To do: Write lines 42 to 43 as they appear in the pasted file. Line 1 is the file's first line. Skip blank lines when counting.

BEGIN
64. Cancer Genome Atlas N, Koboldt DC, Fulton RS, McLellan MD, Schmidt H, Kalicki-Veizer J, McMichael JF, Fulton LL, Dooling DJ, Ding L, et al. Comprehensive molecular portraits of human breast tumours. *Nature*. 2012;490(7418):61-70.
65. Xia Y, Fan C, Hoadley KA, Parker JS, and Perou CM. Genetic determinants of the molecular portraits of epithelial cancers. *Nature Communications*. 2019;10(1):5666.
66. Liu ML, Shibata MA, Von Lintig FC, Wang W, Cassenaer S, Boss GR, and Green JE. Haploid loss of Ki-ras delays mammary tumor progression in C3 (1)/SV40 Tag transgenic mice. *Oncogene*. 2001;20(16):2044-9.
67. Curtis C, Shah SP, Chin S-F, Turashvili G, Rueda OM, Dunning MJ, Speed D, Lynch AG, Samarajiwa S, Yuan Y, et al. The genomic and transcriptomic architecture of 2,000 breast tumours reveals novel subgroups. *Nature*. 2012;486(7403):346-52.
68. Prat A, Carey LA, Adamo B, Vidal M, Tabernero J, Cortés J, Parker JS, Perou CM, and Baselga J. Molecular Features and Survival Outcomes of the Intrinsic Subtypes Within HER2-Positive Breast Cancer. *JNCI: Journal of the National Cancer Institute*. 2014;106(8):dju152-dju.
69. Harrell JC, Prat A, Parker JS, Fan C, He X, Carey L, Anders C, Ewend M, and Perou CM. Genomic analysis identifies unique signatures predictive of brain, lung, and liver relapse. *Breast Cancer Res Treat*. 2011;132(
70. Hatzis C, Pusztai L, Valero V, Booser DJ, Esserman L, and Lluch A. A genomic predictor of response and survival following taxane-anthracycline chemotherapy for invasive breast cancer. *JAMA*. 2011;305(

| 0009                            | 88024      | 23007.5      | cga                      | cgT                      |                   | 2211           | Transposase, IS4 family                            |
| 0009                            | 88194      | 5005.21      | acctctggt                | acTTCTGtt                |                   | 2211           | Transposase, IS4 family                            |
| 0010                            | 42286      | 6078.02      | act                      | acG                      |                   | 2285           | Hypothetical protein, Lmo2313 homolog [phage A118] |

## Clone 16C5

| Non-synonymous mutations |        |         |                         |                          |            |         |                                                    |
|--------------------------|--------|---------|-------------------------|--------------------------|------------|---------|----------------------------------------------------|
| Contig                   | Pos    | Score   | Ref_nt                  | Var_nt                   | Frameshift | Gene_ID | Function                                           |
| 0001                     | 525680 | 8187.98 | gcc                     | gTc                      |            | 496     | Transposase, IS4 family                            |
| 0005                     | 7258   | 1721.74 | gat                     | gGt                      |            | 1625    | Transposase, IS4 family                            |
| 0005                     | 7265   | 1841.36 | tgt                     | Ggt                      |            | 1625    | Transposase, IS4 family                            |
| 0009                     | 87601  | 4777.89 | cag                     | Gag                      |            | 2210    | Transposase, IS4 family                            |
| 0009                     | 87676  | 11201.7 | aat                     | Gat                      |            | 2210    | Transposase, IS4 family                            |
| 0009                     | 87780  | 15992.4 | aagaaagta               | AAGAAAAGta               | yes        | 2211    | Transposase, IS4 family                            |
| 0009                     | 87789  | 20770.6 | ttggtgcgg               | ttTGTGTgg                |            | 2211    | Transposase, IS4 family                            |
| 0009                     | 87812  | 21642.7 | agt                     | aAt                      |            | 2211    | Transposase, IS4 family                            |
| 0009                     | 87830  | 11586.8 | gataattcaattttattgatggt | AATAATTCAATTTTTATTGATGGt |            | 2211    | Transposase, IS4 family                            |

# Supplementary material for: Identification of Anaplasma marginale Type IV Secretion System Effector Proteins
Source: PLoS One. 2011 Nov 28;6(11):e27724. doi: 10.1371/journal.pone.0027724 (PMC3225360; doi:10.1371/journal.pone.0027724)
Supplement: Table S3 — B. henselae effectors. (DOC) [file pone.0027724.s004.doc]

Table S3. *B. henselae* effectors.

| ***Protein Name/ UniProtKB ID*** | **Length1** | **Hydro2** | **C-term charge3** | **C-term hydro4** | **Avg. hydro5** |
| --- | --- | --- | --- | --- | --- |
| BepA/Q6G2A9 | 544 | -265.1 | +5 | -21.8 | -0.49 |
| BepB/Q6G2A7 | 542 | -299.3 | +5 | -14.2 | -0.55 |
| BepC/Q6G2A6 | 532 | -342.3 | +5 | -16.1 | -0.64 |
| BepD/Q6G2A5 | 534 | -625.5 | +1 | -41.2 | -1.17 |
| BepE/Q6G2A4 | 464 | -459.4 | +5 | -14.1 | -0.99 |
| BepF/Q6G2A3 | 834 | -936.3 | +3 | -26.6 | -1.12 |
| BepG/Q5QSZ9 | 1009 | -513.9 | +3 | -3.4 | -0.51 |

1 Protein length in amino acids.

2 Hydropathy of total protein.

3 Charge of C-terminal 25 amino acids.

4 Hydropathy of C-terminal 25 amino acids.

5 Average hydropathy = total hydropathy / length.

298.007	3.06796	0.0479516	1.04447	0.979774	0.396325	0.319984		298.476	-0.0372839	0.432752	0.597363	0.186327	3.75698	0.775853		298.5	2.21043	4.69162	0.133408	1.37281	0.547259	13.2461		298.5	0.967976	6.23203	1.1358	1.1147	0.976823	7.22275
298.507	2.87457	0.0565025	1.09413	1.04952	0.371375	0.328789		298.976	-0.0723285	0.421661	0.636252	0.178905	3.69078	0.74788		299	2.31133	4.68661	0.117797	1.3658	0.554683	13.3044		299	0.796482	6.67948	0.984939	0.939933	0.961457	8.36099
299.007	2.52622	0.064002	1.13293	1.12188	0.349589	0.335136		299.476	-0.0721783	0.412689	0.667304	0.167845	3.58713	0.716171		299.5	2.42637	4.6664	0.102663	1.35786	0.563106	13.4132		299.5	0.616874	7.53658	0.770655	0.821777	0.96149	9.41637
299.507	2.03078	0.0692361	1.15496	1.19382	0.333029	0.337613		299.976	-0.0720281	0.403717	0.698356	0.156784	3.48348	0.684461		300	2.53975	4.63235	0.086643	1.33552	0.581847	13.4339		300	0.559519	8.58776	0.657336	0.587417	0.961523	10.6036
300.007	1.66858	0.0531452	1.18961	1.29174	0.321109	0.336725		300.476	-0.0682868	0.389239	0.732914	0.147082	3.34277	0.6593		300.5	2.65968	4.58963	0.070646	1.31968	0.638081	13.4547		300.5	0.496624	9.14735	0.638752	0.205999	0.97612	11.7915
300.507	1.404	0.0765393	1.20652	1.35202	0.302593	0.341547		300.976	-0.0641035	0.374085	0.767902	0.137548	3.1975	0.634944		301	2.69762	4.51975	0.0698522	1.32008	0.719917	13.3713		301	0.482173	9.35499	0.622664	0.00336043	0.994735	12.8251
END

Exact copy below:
298.007	3.06796	0.0479516	1.04447	0.979774	0.396325	0.319984		298.476	-0.0372839	0.432752	0.597363	0.186327	3.75698	0.775853		298.5	2.21043	4.69162	0.133408	1.37281	0.547259	13.2461		298.5	0.967976	6.23203	1.1358	1.1147	0.976823	7.22275
298.507	2.87457	0.0565025	1.09413	1.04952	0.371375	0.328789		298.976	-0.0723285	0.421661	0.636252	0.178905	3.69078	0.74788		299	2.31133	4.68661	0.117797	1.3658	0.554683	13.3044		299	0.796482	6.67948	0.984939	0.939933	0.961457	8.36099